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Hoover Reservoir, an important drinking water supply for the City of Columbus, Ohio, has been the source of a series of taste and odor problems in treated drinking water during the past few years. These taste and odor problems were caused by the compounds geosmin and 2-methylisoborneol, which are thought to have been related to cyanobacteria blooms. In an effort to reduce the phosphorus available for cyanobacteria blooms at fall turnover, the City of Columbus began experimenting with the dam’s selective withdrawal system to remove excess phosphorus in the hypolimnion, which is released from bottom sediments during summer anoxic conditions.
The U.S. Geological Survey completed two synoptic survey campaigns to assess distributions of water quality and water velocity in the lower part of Hoover Reservoir to provide information on the changes to reservoir dynamics caused by changing dam operations. One campaign (campaign 1) was done while water was being withdrawn from the reservoir through the dam’s middle gate and the other (campaign 2) while water was being withdrawn through the dam’s lower gate. Velocities were measured using an acoustic Doppler current profiler, and water-quality parameters were measured using an autonomous underwater vehicle equipped with water-quality sensors. Along with the water-quality and water-velocity data, meteorological, inflow and outflow discharges, and independent water-quality data were compiled to monitor changes in other parameters that affect reservoir behavior. Monthly nutrient data, collected by the City of Columbus, were also analyzed for trends in concentration during periods of expected stratification.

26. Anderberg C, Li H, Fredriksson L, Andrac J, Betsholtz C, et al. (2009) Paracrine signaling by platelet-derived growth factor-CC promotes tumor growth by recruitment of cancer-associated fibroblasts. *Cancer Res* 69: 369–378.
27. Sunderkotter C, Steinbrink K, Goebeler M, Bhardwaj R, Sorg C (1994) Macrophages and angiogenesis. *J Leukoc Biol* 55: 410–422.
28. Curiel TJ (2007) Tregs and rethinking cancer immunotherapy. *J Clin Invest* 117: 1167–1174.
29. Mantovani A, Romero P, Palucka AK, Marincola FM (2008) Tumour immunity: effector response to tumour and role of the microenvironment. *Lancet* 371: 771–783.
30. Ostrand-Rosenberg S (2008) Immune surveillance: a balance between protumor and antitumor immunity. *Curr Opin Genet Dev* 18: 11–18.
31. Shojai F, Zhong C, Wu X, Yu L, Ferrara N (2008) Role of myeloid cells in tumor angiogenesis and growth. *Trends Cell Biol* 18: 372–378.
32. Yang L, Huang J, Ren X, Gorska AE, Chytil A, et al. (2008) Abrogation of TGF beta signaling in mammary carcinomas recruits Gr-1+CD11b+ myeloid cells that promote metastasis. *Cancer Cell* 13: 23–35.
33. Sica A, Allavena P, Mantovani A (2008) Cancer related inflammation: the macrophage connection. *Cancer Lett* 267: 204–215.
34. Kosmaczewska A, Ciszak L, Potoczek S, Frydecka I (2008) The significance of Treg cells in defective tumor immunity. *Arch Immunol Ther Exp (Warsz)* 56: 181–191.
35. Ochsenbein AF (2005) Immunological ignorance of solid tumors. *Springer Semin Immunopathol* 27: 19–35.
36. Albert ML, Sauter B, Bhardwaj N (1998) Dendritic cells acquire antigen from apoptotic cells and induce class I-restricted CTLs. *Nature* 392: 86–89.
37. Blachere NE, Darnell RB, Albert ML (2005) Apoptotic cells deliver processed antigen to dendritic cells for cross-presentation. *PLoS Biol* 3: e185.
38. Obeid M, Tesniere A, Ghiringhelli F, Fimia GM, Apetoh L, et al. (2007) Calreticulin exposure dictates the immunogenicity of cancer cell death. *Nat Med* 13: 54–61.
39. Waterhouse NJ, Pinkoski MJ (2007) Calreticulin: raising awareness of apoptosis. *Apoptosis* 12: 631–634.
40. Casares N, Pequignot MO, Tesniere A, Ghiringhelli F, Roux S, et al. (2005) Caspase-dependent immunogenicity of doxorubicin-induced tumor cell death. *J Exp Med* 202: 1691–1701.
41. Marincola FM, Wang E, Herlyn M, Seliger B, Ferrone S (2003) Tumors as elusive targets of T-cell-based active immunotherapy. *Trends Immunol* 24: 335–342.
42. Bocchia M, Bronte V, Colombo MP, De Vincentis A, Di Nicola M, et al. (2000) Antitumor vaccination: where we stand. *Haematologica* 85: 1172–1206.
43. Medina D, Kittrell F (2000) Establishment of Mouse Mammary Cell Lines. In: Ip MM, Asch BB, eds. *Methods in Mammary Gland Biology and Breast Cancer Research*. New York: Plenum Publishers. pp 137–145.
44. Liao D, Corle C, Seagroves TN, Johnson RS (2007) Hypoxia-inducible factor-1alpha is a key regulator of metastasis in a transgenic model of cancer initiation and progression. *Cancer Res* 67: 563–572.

Based on the results of the two campaigns, when compared to withdrawing water through the middle gate, withdrawing water through the lower gate seemed to increase shear-driven mixing across the thermocline, which resulted in an increase in the depth of the epilimnion throughout the lower part of Hoover Reservoir. The observations from this study, if repeatable and driven primarily by changes in gate operations, can inform nutrient management strategies for Hoover Reservoir. Increased mixing across the thermocline may potentially supply nutrients from the hypolimnion to algae in the epilimnion. Although operation of the lower gate has the potential to export nutrients from the hypolimnion (where the concentrations of nutrients have typically been higher during summer months) through two mechanisms (direct withdrawal and mixing into the epilimnion), supply of nutrients to the epilimnion through enhanced mixing could lead to a short-term increase in algal populations. Therefore, further study is recommended to (1) test the repeatability of the results of gate changes on water-quality distributions and circulation patterns in lower Hoover Reservoir, (2) identify the immediate effect of gate changes on nutrient concentrations in the water column, and (3) identify the best management practices to reduce the nutrient storage in the hypolimnion of Hoover Reservoir without increasing the potential for nutrient transport to the highly productive epilimnion.
Vonins, B.L., and Jackson, P.R., 2017, Response of currents and water quality to changes in dam operations in Hoover Reservoir, Columbus, Ohio, August 24–28, 2015: U.S. Geological Survey Scientific Investigations Report 2017–5027, 62 p., https://doi.org/10.3133/sir20175027.
ISSN: 2328-0328 (online)
|Publication Subtype||USGS Numbered Series|
|Title||Response of currents and water quality to changes in dam operations in Hoover Reservoir, Columbus, Ohio, August 24–28, 2015|
|Series title||Scientific Investigations Report|
|Publisher||U.S. Geological Survey|
|Publisher location||Reston, VA|
|Contributing office(s)||Ohio Water Science Center|
|Description||Report: vii, 61 p.; Data Release|
|Other Geospatial||Hoover Dam, Hoover Reservoir|
|Online Only (Y/N)||Y|
|Google Analytic Metrics||Metrics page|